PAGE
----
Guest columnist Charles Hayslett opines that expanding broadband internet service to rural Georgia is not as helpful to communities losing population as improving health care and education. Pixabay
Four years ago, I spoke to the opening day session of the House Rural Development Council about my research into the alarming decline of rural Georgia. Once I finished my presentation, the first question I got was about a subject I hadn’t even mentioned: rural broadband.
Since that meeting, it’s become clear that the deployment of broadband technology is widely regarded as central to any rural revitalization strategy in the state. The Georgia General Assembly has created the Georgia Broadband Deployment Initiative, passed legislation to help local governments prepare for broadband projects, and, most recently, appropriated funds to support broadband deployment in rural Georgia.
Now the Biden administration is proposing to spend $100 billion on rural broadband as part of its $2 trillion national infrastructure plan. On Tuesday, Georgia Recorder guest columnist Jay Bailey ballyhooed that proposal as one that could fuel the momentum of the work-at-home movement that took root during the pandemic and help revitalize rural Georgia.
“This trend could remake Georgia’s economic geography over the next decade,” Bailey wrote. “As an investor, I’m betting heavily on a revival in rural economies across our state. But in order for rural communities to fully benefit from this trend, they’ll need to have the broadband infrastructure to fully support remote work.”
I’d like to offer a couple of cautionary notes.
First, broadband is no silver bullet for rural Georgia. It won’t replace shuttered hospitals, failing school systems, or boarded-up businesses. Running fiber-optic cable to rural Georgia communities already in the throes of population loss and economic decline would be like serving filet mignon to a dying man who just lost his last tooth.
Second, all that filet mignon is really expensive. Based on research I conducted and wrote about last fall, we’re looking at a price tag of about $2.3 billion to hardwire all the currently unserved areas of rural Georgia; an Atlanta Journal-Constitution article cited a $3 billion price tag.
One local example: It would cost an estimated $8 million to wire just under 1,800 homes and businesses in tiny Baker County, located in deep southwest Georgia. Between 2013 and 2018, according to government estimates, Baker County lost 7.7% of its population and saw its gross domestic product fall 14.6%.
With all due deference to the good folks of Baker County, I’m skeptical that $8 million worth of government-funded, high-speed fiber will reverse their current fortunes. And I think it’s fair to ask: is it worth it? Does it make sense to spend that kind of money running fiber into communities that people are leaving?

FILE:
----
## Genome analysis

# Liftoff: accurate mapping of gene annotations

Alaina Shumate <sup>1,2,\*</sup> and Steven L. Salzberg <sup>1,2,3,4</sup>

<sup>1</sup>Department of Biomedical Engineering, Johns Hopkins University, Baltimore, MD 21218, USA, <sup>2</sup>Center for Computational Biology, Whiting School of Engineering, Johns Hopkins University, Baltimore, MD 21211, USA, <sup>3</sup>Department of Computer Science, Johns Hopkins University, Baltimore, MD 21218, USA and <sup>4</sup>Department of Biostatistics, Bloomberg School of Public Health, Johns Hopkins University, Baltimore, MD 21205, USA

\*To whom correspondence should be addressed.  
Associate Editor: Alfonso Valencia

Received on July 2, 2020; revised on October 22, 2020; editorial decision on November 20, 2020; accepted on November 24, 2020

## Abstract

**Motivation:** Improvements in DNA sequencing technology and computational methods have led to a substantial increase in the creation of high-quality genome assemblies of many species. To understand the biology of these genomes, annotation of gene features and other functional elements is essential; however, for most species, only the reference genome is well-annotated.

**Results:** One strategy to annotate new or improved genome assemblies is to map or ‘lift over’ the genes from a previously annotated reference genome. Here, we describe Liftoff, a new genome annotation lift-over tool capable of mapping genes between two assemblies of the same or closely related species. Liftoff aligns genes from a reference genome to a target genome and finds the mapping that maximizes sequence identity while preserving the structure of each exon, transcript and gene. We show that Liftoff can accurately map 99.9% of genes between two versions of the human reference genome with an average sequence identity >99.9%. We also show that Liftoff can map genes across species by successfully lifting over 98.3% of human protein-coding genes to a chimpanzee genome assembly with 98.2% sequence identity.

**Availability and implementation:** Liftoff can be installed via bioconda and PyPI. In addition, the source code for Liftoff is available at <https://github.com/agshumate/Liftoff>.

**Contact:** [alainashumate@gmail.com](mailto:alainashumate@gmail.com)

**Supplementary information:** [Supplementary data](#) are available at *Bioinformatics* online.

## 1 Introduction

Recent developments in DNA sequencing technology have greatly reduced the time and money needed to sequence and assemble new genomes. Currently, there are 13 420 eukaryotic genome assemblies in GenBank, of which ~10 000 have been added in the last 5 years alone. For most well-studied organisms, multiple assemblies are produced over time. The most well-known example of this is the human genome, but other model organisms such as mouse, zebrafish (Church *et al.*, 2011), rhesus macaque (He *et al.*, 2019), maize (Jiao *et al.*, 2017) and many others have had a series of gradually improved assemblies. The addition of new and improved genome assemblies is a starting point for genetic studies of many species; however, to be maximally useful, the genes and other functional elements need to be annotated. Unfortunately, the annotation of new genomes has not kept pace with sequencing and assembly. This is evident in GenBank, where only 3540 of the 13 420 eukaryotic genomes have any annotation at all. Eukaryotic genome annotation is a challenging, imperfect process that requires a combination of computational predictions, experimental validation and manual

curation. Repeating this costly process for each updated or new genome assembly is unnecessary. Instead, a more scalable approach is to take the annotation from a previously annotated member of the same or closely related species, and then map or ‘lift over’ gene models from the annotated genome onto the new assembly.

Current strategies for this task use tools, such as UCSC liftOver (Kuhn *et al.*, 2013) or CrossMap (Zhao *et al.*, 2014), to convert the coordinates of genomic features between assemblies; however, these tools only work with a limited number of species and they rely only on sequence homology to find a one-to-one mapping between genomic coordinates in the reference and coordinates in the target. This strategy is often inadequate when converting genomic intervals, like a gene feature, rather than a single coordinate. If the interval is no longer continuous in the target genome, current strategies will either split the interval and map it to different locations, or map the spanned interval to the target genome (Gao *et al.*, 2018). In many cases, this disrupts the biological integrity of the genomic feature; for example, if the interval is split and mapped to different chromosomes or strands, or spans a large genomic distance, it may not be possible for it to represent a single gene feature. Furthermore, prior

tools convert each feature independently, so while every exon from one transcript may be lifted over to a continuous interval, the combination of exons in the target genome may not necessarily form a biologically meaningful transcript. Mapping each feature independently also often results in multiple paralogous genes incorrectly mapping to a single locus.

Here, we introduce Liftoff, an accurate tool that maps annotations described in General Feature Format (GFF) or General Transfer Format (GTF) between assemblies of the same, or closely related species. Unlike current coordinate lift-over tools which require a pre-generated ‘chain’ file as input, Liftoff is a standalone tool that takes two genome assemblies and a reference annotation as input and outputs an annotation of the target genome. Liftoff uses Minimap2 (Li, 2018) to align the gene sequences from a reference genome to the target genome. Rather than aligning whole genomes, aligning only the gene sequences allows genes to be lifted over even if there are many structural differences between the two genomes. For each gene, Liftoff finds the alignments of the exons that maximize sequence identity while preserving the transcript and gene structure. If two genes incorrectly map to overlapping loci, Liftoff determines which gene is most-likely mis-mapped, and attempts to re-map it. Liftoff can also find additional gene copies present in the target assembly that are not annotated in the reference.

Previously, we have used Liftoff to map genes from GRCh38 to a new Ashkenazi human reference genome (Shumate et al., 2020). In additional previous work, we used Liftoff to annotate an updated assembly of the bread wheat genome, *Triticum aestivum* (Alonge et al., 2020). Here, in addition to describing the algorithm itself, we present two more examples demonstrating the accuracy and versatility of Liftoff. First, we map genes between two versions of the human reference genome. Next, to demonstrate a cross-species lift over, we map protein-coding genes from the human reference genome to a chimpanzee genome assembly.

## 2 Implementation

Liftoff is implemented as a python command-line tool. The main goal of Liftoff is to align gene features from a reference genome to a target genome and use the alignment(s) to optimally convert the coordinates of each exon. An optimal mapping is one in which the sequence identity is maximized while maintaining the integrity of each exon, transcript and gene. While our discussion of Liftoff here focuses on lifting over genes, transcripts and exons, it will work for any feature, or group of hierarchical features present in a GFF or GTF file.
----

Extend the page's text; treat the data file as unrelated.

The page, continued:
I should add that I write this as a big-spending liberal who has no problem plowing major public investments into important projects. But they ought to make at least some economic sense, and the government should resist involvement if there are viable market solutions.
In this situation, there are viable market solutions, and here I can write from personal experience. We moved a year ago from Decatur, where we had AT&T’s 1-gigabit internet service, to rural Oconee County, where the best service I could find was a 50 Mbps-plan from Viasat. It’s not optimal, but it is adequate – especially for the explosion of remote workers Bailey envisions.
What’s more, satellite-based internet service appears to be on the threshold of a big improvement. My Viasat service is delivered by a geostationary satellite situated about 23,000 miles above the planet, and slow ping rates – the time it takes to, say, load a web page – can be frustrating.
As I write this, though, constellations of a new generation of satellites are being assembled a few hundred miles above the earth’s surface. Known as LEOs, these low-earth orbit satellites are expected to slash ping rates dramatically. In his column, Bailey acknowledged the potential of technologies other than high-speed fiber, including, as he put it, “even low-earth orbit satellites in some cases.”
I’m more optimistic. Elon Musk’s SpaceX Corp. has already launched more than 1,500 refrigerator-sized LEOs and has begun a beta program that it says will deliver download speeds of between 50-and-150 Mbps with unlimited data and latency of 20-to-40 milliseconds. (It’s coming to Oconee County; we’ve signed up and are expecting our ground equipment in a few weeks.)
My purpose here is not to promote the satellite industry; it could still crash and burn (literally). But satellite internet service is available to much of rural Georgia now, and without the massive capital investment and years of construction time that broadband will require.
My larger point, however, is that the effort to revitalize Georgia’s rural communities needs to begin not with headline-grabbing plans to run fiber to sparsely-populated, poverty-stricken rural counties, but with a focus on more fundamental building blocks.
Bailey envisions a migration of highly-educated knowledge workers from the big city to rural communities that can provide them with high-speed internet. But without access to quality health care, decent schools for their kids, and other quality of life amenities, that won’t happen. High-speed internet may be necessary to build a vibrant 21st-century economy, but it’s far from sufficient – and it’s not the right first step.
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